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Cambridge Language Sciences

Interdisciplinary Research Centre
Photo of cherry blossom Early Career Researchers Symposium June 2021

Join us online for talks and posters presenting work by early-career researchers. The Symposium is free, and open to all researchers at the University of Cambridge.

This year's event will take place online on Thursday 24 June. The Symposium posters and recordings of the keynote presentations will also be available to view on Cambridge Open Engage from 17 June during and after the event. 

Registration is now closed. 


All timings are British Summer Time (BST).

Session 1 (11:00-12:15)

11:00-12:15: Poster session

The following posters will be presented. The posters will also be available to view on Cambridge Open Engage from 17 June.

  • Designing and Building the Brazilian Spoken English Learner (BraSEL) Corpus, Mateus Souza (Faculty of Education)
  • An online course of Russian coronal obstruents for non-native speakers, Daria Dashkevich (Faculty of Modern & Medieval Languages & Linguistics) & Mathias Nowak (Institute of Astronomy, Cambridge)
  • Extending Parametric Comparison, James Baker (Theoretical & Applied Linguistics)
  • DeliData: A dataset for deliberation in multi-party problem solving, Georgi Karadzhov (Computer Science & Technology, Cambridge), Tom Stafford (Psychology, University of Sheffield), Andreas Vlachos (Computer Science & Technology, Cambridge)
  • Tone – Melody Matching in Chaozhou Songs: A Corpus Analysis, Xi Zhang & Ian Cross (Faculty of Music)
  • Can voice similarity be assessed using an automatic speaker recognition system? Linda Gerlach & Kirsty McDougall (Theoretical & Applied Linguistics), Finnian Kelly & Anil Alexander (Oxford Wave Research Ltd.)
  • Voice parade parameters: investigating the effect of parade size and voice sample duration on earwitness identification accuracy, Alice Paver (Theoretical & Applied Linguistics), Harriet J. Smith & Nikolas Pautz (Psychology, Nottingham Trent University), Kirsty McDougall (Theoretical & Applied Linguistics), Katrin Mueller-Johnson (Centre for Criminology, University of Oxford), Francis Nolan (Theoretical & Applied Linguistics)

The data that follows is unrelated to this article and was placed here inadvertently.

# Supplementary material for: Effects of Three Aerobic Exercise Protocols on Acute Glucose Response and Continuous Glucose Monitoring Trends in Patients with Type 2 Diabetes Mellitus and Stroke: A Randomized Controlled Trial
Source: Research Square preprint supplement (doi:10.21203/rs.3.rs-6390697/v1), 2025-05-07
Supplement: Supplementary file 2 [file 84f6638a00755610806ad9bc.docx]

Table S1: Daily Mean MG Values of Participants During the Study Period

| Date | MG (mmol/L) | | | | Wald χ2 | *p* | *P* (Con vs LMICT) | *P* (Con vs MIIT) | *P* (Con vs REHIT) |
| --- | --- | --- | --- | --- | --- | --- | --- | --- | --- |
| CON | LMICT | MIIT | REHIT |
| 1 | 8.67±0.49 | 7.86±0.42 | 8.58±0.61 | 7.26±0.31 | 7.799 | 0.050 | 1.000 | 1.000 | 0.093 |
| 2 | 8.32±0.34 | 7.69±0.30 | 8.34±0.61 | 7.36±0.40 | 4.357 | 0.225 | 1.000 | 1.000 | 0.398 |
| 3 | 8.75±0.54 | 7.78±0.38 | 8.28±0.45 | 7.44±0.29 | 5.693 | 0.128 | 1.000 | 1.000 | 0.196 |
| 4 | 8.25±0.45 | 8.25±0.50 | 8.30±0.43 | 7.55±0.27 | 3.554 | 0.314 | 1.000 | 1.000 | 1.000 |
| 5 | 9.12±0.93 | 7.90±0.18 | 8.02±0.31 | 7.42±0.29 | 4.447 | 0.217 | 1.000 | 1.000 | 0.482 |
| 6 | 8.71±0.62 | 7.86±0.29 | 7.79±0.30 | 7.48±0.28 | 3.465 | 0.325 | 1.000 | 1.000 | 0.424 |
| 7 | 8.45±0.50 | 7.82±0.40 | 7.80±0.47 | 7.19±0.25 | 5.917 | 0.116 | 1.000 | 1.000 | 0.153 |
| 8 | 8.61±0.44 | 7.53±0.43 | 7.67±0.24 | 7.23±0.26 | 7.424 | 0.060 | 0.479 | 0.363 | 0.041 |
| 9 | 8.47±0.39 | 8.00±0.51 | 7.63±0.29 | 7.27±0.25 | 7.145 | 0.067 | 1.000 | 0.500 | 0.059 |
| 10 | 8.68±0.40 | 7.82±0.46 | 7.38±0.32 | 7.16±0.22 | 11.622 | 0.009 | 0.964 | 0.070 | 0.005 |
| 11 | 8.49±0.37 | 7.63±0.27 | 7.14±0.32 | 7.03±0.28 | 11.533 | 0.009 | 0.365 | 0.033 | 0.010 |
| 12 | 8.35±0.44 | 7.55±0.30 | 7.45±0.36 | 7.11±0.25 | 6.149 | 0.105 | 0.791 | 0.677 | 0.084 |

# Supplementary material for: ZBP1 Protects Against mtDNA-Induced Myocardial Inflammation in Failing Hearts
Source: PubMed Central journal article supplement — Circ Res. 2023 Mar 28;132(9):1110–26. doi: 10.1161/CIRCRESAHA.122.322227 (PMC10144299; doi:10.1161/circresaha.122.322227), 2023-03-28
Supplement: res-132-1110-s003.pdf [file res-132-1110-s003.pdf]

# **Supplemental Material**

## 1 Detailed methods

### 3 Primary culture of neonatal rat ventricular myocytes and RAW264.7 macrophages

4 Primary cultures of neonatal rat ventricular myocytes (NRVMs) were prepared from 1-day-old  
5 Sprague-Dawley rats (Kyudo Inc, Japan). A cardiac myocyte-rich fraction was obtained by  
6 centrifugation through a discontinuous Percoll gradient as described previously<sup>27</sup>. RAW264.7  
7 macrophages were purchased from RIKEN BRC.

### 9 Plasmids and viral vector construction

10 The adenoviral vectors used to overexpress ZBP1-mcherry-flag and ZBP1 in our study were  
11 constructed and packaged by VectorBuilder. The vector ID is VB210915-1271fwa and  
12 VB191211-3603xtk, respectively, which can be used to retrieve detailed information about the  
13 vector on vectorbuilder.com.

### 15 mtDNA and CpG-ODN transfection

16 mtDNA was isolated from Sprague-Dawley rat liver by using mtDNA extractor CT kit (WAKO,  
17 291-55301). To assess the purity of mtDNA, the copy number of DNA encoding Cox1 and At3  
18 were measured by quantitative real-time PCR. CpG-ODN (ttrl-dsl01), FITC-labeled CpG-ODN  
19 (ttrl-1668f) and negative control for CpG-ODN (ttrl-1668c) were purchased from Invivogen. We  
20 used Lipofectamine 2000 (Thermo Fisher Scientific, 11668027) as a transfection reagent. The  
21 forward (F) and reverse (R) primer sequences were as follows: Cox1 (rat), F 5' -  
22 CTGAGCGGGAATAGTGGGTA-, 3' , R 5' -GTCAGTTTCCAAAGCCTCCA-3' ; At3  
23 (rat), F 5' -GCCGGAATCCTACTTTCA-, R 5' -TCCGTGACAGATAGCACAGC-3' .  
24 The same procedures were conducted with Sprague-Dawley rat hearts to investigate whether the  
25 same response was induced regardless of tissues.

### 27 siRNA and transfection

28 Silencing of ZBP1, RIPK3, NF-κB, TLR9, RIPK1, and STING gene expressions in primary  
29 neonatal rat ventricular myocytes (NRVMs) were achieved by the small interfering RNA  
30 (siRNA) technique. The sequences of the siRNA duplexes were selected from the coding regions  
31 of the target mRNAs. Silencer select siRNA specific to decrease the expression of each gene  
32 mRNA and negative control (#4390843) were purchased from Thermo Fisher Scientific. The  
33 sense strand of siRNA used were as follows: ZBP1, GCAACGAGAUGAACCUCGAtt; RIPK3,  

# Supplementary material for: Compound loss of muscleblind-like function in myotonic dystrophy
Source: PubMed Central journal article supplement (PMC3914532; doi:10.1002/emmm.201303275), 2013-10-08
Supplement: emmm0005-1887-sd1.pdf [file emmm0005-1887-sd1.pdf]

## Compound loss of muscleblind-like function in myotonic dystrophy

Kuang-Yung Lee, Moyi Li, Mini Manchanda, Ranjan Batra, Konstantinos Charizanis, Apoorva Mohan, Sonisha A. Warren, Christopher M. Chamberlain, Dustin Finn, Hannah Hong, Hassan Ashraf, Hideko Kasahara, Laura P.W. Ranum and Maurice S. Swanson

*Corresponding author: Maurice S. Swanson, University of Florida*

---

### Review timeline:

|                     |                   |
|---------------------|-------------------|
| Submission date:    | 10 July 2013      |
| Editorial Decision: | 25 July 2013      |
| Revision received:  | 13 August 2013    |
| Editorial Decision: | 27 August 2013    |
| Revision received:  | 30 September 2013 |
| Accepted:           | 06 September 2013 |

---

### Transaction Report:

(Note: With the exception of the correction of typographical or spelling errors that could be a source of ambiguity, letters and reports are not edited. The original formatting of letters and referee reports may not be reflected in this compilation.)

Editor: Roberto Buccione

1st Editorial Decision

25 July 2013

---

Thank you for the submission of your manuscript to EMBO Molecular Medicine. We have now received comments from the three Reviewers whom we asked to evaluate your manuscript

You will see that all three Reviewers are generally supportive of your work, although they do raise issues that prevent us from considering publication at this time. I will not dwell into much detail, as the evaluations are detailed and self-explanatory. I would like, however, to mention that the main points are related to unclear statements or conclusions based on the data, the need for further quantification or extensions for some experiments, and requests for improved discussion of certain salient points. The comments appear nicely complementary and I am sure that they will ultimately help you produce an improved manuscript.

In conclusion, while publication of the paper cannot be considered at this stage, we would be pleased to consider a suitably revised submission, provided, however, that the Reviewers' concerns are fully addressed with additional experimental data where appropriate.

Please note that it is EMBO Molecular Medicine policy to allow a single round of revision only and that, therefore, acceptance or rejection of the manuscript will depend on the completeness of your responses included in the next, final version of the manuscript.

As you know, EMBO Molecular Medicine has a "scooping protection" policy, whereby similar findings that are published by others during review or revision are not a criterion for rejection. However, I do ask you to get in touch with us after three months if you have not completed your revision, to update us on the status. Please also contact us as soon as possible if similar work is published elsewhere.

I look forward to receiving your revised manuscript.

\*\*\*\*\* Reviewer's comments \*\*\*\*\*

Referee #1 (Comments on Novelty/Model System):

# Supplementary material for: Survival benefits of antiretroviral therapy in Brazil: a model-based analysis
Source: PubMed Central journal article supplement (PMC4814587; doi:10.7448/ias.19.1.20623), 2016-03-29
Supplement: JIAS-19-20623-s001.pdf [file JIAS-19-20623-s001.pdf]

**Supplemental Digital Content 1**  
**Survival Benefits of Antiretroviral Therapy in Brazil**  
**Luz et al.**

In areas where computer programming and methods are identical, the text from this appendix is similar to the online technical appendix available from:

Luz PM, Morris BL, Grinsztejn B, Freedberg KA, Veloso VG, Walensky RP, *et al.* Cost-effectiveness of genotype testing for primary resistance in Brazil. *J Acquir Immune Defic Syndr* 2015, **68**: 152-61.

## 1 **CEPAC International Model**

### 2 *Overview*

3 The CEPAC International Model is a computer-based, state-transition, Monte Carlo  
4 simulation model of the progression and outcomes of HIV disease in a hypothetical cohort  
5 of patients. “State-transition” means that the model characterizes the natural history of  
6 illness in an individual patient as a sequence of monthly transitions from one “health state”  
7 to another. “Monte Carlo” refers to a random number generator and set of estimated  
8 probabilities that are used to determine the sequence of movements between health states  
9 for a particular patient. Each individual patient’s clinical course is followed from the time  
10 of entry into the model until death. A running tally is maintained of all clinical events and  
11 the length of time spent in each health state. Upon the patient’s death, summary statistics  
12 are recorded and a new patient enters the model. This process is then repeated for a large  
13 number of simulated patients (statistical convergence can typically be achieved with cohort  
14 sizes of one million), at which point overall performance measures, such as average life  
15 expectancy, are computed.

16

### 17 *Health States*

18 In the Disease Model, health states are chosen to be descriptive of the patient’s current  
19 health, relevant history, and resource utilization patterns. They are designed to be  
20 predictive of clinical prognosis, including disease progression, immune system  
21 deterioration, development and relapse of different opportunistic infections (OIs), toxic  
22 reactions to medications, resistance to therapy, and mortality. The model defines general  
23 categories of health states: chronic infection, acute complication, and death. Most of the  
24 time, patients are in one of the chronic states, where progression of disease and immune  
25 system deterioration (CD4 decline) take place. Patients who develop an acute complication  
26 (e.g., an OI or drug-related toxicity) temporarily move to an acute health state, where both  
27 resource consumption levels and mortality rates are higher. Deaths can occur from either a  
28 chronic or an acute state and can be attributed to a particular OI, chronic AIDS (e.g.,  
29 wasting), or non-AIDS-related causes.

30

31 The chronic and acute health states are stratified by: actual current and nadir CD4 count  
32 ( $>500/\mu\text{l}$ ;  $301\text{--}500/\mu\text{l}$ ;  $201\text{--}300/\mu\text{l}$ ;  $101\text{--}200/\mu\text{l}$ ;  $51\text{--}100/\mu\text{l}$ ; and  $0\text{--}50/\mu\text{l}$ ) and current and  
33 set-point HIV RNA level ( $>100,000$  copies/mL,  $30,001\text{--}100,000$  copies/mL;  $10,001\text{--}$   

• Mental representation of Kunming Chinese tone sandhi: episodic or abstract?, Xiyuan Li (Theoretical & Applied Linguistics) 

Session 2 (14:00-16:30)

14:00-14:15: Welcome 

Chair: Guy Emerson, Department of Computer Science and Technology and Executive Director Cambridge Language Sciences

14:15-14:45: Can artificial intelligence save endangered languages? A brief history of learning

Ahmed Zaidi, Department of Computer Science and Technology 

There is no doubt that learning new languages is infuriatingly difficult, especially at the later stages of life. As the world becomes "smaller" through globalisation, certain languages begin to increase in utility and start taking precedence over others, resulting in the extinction of the less "useful" languages. According to McWhorter (2009), in the next 100 years, the 6,000 languages in use today will be reduced to about 600. Whether and how to save these endangered languages is an important question plaguing the language sciences community.

We are now in the age of information and artificial intelligence. All the data we need is available in the palm of our hands. Mobile applications like Babbel and Duolingo lower the barriers to entry when it comes to learning a new language. So why is language learning still so difficult? Haven't the plethora of philosophical thought experiments, cognitive theories and neuroscience research combined with the scale and reach of modern technology enabled us to make language learning as easy and intuitive as playing a video game? Can we not use this technology to then increase the number of speakers for endangered languages?

The answers and further questions lie in the history of personalised learning and the underlying principles and paradigm shifts that have shaped it over the centuries. The nature of knowing represented through contemporary theories of learning such as behaviourism, cognitivism, and constructivism have provided some insight into the question of how we learn. In this talk, I will walk through a brief history of learning that will shed some light on not only the question of whether artificial intelligence can save endangered languages, but also whether it can play a role in making language learning less difficult.

READ MORE: Ahmed Zaidi speaker profile

14:45-15:15: Modelling semantic change from Ancient Greek to emoji

Barbara McGillivray, University of Cambridge Section of Theoretical and Applied Linguistics and The Alan Turing Institute 

Over time, new words enter the language, others become obsolete, and existing words acquire new meanings. In ancient Greek, the meaning of the Persian loanword paradeisos expanded from ‘garden’ to the Jewish-Christian ‘paradise’ in the Greek translation of the Old Testament and in the New Testament. In Classical Latin passio meant ‘emotion’ and later on referred to the suffering and death of Christ and the martyrs. The English word chill originally meant ‘to cool’ and has metaphorically been extended to ‘to relax’. Follow only acquired the social media sense of staying informed about someone’s postings after the launch of Twitter.

The phenomenon of lexical semantic change, with its fascinating complexities grounded in  cognitive, social and contextual factors, has important implications not just for linguistic theory and historical linguistics. It can shed new light into how we understand long-term and short-term changes in our cultural history and in our society. It is also a fundamental aspect of dictionary-making and it is important to keep automatic language processing systems up to date with the constant changes in language.